Clandestine Mecca (Hear Ye Thrifters!)
Tola Brennan

I know you’ve been to a thrift store sometime, somewhere. Some of you may be thrifters (you know, really serious thrift store
shoppers). A few of you may be acquainted with that strange creature called thrifter’s madness (you know, like those crazy
shopping sprees teenage girls are commonly accused of going on). Under the bleary eyed exhausting spell of the madness, the
objective is not to spend as much money as possible, but to make many nifty finds with single digit price tags.
Anyway, not many thrift stores induce this oft sought after madness (perhaps a really big
Salvation Army, a Goodwill, some
nameless local thrift shop, certainly not those high end thrift stores popping up in the
East Village with hundred dollar jackets
that you know the owner must have raided from some where else for a tenth of the price). It’s a rare and fortunate thing.
Now, we all must have dreams about the perfect thrift store. I probably have. I’ve forgotten them. I assume the same goes for
you. However, the point of this extraneously long introduction is this: the perfect thrift store exists, in Canada.
It manifests as something between a high end thrift store and a low end department store. It is always gigantic, and sometimes
block sized. And quite reassuringly, everything in their store is actually arranged by size and sort. Everything is where it should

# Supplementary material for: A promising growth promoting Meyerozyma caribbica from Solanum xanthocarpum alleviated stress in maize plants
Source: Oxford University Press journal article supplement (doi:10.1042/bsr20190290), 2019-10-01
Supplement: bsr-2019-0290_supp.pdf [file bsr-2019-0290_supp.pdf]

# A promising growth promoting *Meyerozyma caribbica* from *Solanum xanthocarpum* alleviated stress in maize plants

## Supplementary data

be. You can find things. Half the job of filtering through piles of clothing has been done by the store already, so the buyer has
the role of, say, fishing at one of those fish farms where you pay a flat rate and all the fish are splashing around in a pool so
you always catch something, instead of on a weedy backwater lake. Okay. Bad analogy. You get my point. They have good
It’s called
Value Village in Canada, Village des Valuers in Quebec. Value Village buys clothes and household items wholesale
from various affiliated non-profits, sells whatever is suitable and donates the remainder (which consists of about half of their
purchases) to developing countries. They also donate $117 million annually to charities, so says the infallible Wikipedia. Value
Village (called Savers Inc. In the U.S.) remains rather elusive in New York as well as the East Coast (they have one location in
Long Island, I recently discovered). However, in Ontario, Quebec, and even Newfoundland, they bloom with sublime grandeur.
I embarked on a cross country spree, starting in Toronto (the point of discovery), on to Ottawa, and concluded in Montreal. I
now have a whole new wardrobe on which I probably spent about $150. Each Value Village I arrived at was progressively
more massive until I arrived at the mecca of Value Villages in Montreal, which covered an entire block. I entered bleary eyed
and delirious to be greeted with a selection so colorful and varied, I was quite astounded. I left with a quest fulfilled and an
exhausted sort of euphoria. Then, I returned to the convivial (yes, sarcasm) home country.
The New York Optimist
February 2009